Once upon a time, many years ago, my husband and I moved into our first home in a pretty upscale suburb in Chicago. An old boyfriend from Northwestern had grown up there, and somehow or other I had been favorably impressed with his description. Plus it was adjacent to where I had been born and raised: Chicago, and not far from Oak Park, my husband's home town. After two years at Northwestern, I transferred to the University of Illinois, where I met the love of my life, on a blind date that was arranged my very first day on campus.The date was my husband of almost 59 years, John. Love struck like a thunderbolt. When we were separated after my husband's graduation, both missed each other terribly. (And we have lots of love letters to illustrate!)
My husband and I were young when we married in the spring of 1952. He was 22 and I had not yet turned 21 when I became pregnant with my first born daughter, Pat. For the first three years we lived in apartment buildings, and it was with great anticipation when, with my parents help, we purchased our first home. I was then pregnant with our second child, Susan, and my head was filled with sugarplum visions of living the American Dream. I was kind of walking on air when I stepped into THE small but upscale department store located in the center of our pretty new town. It had an attractive interior with eye catching displays of obviously high end clothing lines, and the saleswoman behind the glass counter was perfectly coiffed and quietly but elegantly attired. There was no one else in the store and it was as hushed in silence as a library. I studied the sales woman with some care and wondered if I would someday fit into this suburban milieu as smoothly as she. Eager to see their maternity line and happy to tell the world of my pregnancy, I started into a conversation. "Where", I asked, "Do you keep your maternity clothes?"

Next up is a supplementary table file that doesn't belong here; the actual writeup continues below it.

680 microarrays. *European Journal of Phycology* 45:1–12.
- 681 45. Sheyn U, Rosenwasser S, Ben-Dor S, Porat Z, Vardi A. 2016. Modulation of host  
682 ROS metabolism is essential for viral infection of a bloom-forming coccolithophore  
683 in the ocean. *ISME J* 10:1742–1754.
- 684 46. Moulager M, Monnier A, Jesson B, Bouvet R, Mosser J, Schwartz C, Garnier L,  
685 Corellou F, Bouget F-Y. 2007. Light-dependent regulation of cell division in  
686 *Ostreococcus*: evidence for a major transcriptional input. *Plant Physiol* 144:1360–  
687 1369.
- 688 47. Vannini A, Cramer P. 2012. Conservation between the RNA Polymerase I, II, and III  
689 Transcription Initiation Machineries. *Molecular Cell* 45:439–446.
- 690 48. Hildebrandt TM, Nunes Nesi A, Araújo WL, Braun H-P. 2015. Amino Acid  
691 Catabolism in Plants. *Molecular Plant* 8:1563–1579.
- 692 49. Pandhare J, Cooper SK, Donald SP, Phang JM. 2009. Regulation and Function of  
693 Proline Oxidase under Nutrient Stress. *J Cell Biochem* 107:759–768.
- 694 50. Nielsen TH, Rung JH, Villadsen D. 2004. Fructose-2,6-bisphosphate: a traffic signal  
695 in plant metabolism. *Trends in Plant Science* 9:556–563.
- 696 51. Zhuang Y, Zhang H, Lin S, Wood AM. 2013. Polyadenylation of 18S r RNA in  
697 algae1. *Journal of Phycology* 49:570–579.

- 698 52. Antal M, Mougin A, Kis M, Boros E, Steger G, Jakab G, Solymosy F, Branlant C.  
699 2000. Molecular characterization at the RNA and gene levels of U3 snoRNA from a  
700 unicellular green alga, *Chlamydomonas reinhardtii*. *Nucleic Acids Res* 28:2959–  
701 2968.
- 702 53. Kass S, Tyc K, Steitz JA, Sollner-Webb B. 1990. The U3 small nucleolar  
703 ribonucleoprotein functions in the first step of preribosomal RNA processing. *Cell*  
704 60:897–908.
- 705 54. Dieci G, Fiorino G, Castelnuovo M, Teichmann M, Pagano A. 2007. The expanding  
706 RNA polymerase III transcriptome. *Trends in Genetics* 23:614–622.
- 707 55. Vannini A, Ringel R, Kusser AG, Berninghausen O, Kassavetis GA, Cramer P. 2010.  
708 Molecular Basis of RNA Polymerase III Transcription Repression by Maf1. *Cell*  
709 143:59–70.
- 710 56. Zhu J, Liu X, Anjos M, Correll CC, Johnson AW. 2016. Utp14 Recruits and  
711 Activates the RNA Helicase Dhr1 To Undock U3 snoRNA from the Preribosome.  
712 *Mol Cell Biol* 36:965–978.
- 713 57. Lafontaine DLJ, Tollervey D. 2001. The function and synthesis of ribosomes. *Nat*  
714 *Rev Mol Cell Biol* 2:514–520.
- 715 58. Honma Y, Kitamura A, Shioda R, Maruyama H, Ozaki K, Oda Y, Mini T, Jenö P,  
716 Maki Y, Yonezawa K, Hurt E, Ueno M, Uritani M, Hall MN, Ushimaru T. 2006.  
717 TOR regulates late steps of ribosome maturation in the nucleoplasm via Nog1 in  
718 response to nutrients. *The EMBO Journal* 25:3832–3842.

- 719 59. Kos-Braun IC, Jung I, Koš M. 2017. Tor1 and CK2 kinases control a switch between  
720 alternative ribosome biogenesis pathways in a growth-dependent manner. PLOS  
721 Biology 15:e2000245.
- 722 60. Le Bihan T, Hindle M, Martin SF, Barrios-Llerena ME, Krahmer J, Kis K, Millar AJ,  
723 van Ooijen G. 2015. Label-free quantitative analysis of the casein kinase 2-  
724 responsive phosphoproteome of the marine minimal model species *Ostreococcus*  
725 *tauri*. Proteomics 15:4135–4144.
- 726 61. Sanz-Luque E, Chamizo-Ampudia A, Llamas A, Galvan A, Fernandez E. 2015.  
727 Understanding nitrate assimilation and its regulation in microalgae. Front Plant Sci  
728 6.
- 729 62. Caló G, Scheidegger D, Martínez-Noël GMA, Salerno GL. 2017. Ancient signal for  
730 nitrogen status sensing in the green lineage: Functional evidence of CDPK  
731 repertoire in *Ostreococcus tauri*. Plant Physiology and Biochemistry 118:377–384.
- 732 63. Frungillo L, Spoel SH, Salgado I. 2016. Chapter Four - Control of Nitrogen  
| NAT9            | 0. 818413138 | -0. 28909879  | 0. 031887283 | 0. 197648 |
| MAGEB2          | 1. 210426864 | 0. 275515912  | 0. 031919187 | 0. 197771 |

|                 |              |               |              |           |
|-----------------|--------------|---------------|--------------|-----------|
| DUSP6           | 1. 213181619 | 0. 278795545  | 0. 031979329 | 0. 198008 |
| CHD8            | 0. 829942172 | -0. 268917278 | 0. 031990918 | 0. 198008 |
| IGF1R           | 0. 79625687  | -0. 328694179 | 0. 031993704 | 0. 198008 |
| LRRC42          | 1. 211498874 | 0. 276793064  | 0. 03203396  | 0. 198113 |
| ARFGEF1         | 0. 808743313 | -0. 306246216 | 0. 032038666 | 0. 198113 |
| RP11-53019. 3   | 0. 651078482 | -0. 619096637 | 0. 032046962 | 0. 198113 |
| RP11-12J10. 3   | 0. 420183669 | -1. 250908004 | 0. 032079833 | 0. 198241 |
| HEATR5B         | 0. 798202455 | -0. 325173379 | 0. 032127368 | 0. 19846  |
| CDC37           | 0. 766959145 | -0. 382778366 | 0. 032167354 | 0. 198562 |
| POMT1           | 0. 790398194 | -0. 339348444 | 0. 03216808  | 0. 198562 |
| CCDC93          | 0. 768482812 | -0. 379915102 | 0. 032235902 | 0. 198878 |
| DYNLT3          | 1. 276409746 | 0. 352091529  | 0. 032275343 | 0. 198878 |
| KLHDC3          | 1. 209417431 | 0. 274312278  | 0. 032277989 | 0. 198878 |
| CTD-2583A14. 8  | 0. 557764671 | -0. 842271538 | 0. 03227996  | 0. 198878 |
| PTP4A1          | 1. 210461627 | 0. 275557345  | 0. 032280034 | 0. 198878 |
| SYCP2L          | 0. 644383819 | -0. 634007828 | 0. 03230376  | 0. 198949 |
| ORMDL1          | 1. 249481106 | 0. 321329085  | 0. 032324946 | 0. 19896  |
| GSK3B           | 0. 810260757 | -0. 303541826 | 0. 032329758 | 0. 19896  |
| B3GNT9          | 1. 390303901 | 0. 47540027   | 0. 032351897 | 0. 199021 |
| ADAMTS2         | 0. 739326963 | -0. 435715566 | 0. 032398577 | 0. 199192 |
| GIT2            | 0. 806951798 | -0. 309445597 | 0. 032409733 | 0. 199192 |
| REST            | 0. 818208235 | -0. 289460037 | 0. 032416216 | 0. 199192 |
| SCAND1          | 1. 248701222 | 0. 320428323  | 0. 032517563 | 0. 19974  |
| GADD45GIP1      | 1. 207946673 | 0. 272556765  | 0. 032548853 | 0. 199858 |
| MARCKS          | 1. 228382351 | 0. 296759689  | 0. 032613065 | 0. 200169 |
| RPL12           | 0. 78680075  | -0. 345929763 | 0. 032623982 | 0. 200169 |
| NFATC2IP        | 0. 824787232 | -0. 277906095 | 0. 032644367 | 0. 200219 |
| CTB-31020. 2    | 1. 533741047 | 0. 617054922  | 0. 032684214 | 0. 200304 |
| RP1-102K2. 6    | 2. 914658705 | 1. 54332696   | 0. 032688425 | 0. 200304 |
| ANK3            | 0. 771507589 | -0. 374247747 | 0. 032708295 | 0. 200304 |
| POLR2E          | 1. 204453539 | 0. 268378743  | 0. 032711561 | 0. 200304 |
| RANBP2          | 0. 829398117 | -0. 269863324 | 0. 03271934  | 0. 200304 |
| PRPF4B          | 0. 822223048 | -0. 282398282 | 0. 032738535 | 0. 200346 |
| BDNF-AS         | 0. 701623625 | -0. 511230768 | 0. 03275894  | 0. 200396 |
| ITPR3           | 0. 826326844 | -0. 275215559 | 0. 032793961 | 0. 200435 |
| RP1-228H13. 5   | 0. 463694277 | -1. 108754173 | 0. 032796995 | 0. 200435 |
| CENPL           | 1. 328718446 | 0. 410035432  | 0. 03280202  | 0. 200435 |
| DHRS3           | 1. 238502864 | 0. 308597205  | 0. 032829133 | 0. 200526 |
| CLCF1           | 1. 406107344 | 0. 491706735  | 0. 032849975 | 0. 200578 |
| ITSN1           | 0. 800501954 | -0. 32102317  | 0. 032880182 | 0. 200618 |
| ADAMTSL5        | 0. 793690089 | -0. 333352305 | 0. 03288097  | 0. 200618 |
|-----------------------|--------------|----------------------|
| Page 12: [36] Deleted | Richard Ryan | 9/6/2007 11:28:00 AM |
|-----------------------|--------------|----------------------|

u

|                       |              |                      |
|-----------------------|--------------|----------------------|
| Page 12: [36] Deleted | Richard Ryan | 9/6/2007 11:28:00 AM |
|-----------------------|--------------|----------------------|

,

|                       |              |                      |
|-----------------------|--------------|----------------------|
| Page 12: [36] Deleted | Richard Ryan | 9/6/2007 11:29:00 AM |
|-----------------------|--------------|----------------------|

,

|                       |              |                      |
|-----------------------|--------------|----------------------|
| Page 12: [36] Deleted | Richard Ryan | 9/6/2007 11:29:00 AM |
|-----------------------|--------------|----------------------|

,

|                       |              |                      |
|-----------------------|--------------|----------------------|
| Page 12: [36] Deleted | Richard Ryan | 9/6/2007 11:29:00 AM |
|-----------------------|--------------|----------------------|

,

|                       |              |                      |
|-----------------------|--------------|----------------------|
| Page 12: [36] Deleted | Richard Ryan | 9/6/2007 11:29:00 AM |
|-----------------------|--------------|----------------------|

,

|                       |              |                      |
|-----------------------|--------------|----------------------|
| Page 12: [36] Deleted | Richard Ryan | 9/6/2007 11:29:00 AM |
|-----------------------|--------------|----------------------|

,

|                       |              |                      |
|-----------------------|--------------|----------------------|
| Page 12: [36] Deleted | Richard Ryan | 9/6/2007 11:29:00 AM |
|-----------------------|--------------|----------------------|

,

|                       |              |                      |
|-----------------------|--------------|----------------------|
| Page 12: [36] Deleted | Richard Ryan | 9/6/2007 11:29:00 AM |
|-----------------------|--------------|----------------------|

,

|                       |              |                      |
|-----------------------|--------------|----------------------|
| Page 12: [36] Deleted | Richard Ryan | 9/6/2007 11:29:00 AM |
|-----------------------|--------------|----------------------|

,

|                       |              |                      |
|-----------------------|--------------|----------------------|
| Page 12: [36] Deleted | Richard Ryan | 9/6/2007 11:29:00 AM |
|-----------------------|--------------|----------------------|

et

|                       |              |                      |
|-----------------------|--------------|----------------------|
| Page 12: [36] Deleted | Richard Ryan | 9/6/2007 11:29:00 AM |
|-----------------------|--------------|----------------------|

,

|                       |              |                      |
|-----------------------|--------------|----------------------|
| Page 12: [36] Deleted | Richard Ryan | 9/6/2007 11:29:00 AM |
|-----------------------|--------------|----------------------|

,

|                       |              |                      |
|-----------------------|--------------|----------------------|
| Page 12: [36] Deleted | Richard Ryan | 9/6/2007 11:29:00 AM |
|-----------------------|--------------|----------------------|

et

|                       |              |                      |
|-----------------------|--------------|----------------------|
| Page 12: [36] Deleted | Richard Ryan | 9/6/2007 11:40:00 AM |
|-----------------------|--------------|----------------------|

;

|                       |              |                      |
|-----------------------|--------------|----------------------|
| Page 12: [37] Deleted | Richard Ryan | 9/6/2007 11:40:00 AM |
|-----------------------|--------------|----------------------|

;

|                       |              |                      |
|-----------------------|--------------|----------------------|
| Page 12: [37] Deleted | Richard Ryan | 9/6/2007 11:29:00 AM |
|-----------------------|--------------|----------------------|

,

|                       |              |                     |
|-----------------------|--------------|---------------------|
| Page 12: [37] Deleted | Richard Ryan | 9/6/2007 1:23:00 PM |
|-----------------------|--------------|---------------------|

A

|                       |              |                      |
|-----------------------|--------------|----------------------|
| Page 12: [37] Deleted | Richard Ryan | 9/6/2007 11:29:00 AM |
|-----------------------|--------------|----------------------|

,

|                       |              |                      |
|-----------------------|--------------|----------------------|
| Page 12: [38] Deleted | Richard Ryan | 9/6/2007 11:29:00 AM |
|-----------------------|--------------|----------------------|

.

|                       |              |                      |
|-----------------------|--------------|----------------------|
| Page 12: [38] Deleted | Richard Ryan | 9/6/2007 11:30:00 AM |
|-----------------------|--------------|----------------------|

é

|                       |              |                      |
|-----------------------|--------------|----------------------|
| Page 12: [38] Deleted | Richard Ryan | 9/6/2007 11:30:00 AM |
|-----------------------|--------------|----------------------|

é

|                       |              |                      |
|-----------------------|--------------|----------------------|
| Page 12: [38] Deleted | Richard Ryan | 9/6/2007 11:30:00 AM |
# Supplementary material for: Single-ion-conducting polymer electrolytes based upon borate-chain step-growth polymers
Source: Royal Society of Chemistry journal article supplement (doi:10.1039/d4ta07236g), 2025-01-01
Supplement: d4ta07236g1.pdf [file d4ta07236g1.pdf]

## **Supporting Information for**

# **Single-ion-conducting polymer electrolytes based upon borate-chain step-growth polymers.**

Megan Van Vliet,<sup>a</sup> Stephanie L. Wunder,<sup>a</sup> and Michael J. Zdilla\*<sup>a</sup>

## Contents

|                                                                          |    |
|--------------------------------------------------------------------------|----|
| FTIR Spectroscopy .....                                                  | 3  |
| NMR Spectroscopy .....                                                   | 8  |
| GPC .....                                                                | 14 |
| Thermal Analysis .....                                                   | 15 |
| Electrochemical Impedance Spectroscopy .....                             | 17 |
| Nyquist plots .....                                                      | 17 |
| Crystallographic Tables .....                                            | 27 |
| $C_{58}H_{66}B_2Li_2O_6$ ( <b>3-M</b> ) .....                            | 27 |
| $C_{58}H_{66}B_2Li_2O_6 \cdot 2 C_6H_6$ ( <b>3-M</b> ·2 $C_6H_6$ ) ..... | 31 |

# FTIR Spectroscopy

I kid you not when I tell you there was a very long pause before she answered. "Maternity clothes", she sniffed, "WE do not carry maternity clothes!"
In order to understand my hurt feelings and the reality of this scene, you have to remember this was the 1950's. Mary Tyler Moore and Dick Van Dyke could not be viewed together on the same bed unless one of them had one foot on the floor, and they were married parents! Married or not, anything relating to the physicality of sex caused a lot of eyebrow raising among "proper society", Of course, this didn't include everyone, but it did include more than a few. Maybe this woman was truly offended. But actually, I think this bluenose was having her little fun at my expense. Whatever the case, it was time for me to realize that the pretty suburbs didn't always house pretty people. I had a lot to learn!